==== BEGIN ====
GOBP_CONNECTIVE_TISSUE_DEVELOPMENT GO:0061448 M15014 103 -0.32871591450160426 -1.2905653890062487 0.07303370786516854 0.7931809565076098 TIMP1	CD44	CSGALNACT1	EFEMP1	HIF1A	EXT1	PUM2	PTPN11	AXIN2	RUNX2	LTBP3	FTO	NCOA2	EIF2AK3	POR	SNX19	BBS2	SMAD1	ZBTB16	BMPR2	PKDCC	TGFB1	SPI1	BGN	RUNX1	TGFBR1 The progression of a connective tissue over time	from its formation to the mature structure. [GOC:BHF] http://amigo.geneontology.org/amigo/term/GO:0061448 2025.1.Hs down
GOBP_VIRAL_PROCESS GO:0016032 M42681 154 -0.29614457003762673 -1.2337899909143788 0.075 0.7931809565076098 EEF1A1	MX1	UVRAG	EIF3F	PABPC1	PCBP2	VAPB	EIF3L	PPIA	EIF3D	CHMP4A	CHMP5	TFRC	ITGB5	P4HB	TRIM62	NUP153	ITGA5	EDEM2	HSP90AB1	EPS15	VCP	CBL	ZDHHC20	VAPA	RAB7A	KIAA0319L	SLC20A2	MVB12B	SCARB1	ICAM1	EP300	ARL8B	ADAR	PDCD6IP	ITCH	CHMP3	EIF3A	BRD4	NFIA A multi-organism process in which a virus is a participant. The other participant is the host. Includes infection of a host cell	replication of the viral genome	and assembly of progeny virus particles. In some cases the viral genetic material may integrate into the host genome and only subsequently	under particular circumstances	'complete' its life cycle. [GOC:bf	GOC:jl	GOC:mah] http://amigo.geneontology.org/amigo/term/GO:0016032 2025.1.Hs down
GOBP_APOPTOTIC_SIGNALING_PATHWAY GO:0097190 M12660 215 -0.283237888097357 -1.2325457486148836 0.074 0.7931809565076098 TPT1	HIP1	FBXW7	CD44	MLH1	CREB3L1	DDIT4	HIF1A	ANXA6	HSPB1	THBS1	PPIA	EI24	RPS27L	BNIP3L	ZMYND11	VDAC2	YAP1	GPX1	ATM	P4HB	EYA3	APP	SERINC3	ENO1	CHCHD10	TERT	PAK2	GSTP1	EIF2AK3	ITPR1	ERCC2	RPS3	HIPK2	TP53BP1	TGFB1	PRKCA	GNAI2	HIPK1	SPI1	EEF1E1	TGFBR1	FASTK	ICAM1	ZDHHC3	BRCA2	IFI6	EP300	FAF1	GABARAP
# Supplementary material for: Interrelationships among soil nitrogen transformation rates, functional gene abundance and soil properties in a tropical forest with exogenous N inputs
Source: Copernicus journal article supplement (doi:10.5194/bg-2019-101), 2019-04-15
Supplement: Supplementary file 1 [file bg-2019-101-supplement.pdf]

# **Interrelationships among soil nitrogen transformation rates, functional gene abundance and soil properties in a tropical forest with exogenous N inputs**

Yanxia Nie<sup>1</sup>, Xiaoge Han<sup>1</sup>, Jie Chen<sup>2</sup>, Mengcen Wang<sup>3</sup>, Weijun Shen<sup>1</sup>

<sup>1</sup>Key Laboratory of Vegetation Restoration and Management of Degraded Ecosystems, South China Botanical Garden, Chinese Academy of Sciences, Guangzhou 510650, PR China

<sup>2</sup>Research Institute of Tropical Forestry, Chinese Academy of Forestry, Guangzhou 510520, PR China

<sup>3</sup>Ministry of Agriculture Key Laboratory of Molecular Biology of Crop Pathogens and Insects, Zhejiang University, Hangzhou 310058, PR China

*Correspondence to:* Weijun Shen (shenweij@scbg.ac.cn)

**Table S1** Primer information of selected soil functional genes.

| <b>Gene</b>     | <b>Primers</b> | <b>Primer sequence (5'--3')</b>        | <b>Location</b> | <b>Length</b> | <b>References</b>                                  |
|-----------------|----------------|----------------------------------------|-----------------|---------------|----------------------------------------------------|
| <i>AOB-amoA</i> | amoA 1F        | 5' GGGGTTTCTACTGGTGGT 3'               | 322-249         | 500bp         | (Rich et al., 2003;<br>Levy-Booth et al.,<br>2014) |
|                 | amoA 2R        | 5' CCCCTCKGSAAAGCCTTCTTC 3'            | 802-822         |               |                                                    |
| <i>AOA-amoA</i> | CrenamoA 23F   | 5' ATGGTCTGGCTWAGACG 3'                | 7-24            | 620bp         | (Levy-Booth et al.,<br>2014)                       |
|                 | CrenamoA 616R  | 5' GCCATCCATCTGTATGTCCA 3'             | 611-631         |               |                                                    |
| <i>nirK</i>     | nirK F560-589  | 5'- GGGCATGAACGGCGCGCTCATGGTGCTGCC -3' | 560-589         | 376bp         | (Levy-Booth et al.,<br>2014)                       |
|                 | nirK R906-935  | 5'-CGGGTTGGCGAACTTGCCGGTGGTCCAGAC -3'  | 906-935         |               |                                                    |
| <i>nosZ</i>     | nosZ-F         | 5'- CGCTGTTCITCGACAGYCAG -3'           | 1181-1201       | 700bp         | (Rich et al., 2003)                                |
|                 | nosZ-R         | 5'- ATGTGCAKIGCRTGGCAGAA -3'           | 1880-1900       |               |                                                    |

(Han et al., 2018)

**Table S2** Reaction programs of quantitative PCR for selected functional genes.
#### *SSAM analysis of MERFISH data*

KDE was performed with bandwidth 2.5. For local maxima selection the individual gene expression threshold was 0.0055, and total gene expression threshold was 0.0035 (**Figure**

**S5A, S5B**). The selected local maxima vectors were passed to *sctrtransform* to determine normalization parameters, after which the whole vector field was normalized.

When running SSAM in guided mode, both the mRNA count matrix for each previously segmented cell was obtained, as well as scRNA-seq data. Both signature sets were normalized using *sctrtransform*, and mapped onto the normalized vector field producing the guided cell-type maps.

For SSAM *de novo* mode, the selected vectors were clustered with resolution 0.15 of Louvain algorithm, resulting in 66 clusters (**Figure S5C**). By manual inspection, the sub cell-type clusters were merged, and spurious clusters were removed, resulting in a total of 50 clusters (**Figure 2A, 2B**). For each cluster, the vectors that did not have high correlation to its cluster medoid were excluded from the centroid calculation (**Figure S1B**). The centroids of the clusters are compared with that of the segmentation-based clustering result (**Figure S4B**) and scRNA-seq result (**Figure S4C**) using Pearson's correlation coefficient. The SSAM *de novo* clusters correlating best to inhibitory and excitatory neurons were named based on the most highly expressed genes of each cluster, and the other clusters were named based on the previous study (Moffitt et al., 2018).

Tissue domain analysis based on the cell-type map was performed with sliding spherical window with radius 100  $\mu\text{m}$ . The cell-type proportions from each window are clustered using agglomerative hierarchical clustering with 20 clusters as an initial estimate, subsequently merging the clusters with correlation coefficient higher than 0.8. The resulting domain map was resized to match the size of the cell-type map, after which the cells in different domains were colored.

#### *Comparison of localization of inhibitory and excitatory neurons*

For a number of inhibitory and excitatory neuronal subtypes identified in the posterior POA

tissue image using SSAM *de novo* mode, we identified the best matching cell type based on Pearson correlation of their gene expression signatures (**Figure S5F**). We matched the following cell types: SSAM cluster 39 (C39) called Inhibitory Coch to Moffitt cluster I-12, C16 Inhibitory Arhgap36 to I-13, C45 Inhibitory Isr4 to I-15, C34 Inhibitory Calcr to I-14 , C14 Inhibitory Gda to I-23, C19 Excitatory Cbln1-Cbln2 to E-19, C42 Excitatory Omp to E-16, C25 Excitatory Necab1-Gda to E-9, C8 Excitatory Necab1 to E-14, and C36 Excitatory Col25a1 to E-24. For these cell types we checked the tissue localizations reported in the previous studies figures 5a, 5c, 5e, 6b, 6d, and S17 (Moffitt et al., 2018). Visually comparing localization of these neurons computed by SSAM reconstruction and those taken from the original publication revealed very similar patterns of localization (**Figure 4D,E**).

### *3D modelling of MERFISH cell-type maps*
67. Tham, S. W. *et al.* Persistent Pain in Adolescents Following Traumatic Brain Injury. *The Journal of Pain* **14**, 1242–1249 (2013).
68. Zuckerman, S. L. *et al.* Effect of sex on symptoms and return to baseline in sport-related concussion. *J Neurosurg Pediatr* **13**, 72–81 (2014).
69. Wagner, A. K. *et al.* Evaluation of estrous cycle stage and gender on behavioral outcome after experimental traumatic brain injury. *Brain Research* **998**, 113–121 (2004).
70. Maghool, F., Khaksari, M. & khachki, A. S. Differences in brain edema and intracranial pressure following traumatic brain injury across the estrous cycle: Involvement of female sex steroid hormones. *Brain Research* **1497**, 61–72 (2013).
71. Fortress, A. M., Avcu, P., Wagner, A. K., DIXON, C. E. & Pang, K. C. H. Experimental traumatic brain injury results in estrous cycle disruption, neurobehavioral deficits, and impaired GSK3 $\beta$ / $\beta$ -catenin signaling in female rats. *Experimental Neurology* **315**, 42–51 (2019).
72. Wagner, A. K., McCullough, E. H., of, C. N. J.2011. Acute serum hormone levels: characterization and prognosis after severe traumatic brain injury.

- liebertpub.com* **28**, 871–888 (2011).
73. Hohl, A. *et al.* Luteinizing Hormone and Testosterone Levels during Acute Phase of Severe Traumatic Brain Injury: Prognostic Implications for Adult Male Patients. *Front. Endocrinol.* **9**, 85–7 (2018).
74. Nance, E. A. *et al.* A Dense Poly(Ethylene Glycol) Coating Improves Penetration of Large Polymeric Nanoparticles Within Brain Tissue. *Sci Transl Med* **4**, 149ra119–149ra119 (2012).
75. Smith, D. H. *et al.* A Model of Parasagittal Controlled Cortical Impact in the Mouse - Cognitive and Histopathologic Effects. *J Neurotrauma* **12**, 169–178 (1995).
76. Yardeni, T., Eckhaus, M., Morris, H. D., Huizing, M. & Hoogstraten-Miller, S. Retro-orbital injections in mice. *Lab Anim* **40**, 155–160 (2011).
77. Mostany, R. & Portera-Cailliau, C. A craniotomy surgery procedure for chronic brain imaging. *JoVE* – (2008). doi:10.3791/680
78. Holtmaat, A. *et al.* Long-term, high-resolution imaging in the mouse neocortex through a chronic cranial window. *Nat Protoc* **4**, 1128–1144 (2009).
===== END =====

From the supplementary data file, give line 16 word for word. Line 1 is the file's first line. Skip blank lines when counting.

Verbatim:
| <i>AOB-amoA</i> | amoA 1F        | 5' GGGGTTTCTACTGGTGGT 3'               | 322-249         | 500bp         | (Rich et al., 2003;<br>Levy-Booth et al.,<br>2014) |